Address reprint requests to llan Bank, MD. Division of
Rheumatology, Department of Medicine. College of Physicians and
Surgeons, Columbia University. 630 West 168th Strcet, New York.
NY 10032.
Submitted for publication December 3, 1983; accepted in
revised form February 8, 1984.
Arthritis and Rheumatism, Vol. 27, No. 7 (July 1984)
gram. Laboratory test results were: erythrocyte
sedimentation rate I I 1 mm/hour; hemoglobin 10.9 gm/
dl; hematocrit 33.8%; platelets 701 ,OOO/pl; white blood
count 6,3OO/pl, normal differential; bilirubin 0.4 mg/dl;
alkaline phosphatase 256 unitsldl (normal 25-100);
aspartate transaminase 49 unitslml (normal 10-50);
alanine transaminase 94 units/ml (normal 1-35); amylase 71 units (normal 5-81). He had a normal coagulation profile. Serum protein electrophoresis revealed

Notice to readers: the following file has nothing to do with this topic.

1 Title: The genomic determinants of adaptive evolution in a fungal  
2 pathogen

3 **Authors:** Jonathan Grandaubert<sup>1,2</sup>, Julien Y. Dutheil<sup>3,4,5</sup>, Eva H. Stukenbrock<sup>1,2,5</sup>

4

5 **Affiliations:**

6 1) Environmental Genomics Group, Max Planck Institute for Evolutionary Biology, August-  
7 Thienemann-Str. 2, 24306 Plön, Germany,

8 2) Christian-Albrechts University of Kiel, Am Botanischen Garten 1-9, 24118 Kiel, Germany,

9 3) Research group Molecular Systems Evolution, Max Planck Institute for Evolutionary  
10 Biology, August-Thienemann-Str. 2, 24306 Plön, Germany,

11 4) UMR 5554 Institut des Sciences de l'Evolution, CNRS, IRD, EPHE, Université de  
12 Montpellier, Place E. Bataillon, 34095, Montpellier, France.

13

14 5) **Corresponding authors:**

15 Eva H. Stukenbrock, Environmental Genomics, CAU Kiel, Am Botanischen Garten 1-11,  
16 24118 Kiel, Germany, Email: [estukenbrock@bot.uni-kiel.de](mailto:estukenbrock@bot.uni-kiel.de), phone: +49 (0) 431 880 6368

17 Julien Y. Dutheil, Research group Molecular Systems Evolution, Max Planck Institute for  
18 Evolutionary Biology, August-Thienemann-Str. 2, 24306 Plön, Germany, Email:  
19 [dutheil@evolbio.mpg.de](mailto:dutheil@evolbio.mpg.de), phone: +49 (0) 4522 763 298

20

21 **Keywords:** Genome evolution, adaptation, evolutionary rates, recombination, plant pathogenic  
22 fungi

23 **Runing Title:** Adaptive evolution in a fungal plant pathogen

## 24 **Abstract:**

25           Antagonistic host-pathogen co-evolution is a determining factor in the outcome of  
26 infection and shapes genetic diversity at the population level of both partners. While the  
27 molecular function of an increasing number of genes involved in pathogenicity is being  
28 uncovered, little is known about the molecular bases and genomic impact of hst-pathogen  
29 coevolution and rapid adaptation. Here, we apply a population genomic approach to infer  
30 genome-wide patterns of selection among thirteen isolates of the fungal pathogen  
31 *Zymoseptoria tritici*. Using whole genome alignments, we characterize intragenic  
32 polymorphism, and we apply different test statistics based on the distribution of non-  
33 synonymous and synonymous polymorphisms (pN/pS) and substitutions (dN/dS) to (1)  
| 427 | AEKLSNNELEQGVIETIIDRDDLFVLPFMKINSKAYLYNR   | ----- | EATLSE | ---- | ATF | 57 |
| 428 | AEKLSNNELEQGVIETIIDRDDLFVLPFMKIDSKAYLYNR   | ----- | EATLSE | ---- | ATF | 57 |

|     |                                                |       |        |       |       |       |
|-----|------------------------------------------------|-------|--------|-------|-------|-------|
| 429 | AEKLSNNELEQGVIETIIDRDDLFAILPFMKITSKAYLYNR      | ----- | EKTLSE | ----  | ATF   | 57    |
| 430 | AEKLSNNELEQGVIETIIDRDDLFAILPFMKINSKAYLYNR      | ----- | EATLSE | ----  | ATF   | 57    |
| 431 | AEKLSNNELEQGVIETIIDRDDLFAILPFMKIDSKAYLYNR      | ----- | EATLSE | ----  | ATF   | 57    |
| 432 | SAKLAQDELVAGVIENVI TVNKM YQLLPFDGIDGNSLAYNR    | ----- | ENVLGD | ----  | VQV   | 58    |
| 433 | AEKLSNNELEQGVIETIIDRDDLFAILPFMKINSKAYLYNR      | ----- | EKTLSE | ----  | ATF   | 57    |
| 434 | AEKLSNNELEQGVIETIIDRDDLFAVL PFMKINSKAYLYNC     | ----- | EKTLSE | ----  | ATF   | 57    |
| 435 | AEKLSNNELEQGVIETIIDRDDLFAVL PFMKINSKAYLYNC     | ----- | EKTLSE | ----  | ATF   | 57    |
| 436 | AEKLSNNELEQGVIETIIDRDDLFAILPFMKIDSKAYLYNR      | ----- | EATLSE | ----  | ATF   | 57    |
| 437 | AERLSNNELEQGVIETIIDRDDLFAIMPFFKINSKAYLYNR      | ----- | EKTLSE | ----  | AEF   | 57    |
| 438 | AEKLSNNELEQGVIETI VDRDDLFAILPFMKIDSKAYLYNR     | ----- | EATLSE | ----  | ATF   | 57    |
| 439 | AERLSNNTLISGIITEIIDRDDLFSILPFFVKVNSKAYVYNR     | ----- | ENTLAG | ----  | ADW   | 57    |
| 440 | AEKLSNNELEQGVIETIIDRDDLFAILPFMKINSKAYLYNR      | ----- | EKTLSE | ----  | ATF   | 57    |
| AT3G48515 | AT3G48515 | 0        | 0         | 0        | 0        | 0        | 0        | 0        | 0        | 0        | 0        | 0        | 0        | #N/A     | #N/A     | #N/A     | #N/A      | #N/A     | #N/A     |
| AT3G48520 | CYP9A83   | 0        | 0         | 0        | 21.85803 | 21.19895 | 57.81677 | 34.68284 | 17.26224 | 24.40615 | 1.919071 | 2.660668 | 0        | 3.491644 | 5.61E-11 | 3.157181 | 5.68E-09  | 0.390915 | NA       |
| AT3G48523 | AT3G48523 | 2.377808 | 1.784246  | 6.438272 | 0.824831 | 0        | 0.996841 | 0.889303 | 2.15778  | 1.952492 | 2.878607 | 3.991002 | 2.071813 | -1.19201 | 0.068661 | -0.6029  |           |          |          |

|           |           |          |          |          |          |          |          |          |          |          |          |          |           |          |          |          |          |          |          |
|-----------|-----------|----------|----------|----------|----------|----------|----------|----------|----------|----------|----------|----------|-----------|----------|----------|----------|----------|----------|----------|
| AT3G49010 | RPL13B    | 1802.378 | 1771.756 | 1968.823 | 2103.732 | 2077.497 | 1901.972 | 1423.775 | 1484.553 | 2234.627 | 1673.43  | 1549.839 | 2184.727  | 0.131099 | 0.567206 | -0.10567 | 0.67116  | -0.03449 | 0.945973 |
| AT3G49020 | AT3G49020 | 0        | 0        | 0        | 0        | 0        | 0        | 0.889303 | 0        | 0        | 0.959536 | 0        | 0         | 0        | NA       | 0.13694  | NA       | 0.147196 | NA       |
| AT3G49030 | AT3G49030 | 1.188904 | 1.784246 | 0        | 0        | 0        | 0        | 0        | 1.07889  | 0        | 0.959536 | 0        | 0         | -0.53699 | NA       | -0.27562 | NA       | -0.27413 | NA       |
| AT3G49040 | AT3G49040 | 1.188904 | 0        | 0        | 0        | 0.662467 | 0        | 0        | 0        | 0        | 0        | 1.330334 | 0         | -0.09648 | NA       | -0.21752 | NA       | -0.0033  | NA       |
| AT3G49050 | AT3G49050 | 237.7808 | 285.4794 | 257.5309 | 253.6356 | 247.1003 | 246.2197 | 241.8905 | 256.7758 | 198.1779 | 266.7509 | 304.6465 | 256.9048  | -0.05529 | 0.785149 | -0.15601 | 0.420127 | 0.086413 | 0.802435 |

diffusely elevated gamma globulin; urinalysis showed
0-2 white blood cells, 4-5 red blood cells, trace
protein. Antinuclear antibody, latex fixation, antiDNA antibodies, and complerncnt test values were
Computerized tomographic scan of the head
revealed a possible filling defect in the sagittal sinus,
with no shift or mass. Lumbar puncture revealed an
opening pressure of 500 mm HzO. The fluid was clear
and colorless. Tests for protein and glucose levels
showed 16 mg/dl, and 74 mg/dl (serum 121 mg/dl),
respectively. IgG in the cerebrospinal fluid was 3.1
mg/dl (18.2% of the total immunoglobulin), cell count
showed 6 mononuclear cells, 6 red blood cells. Gram
stain and cultures (bacterial, fungal, and acid-fast
bacilli) were negative as were the India ink stain,
VDRL, cytology, and oligoclonal band tests.
Several days after admission, punched out scrotal ulcerations were noted. Biopsy showed a patchy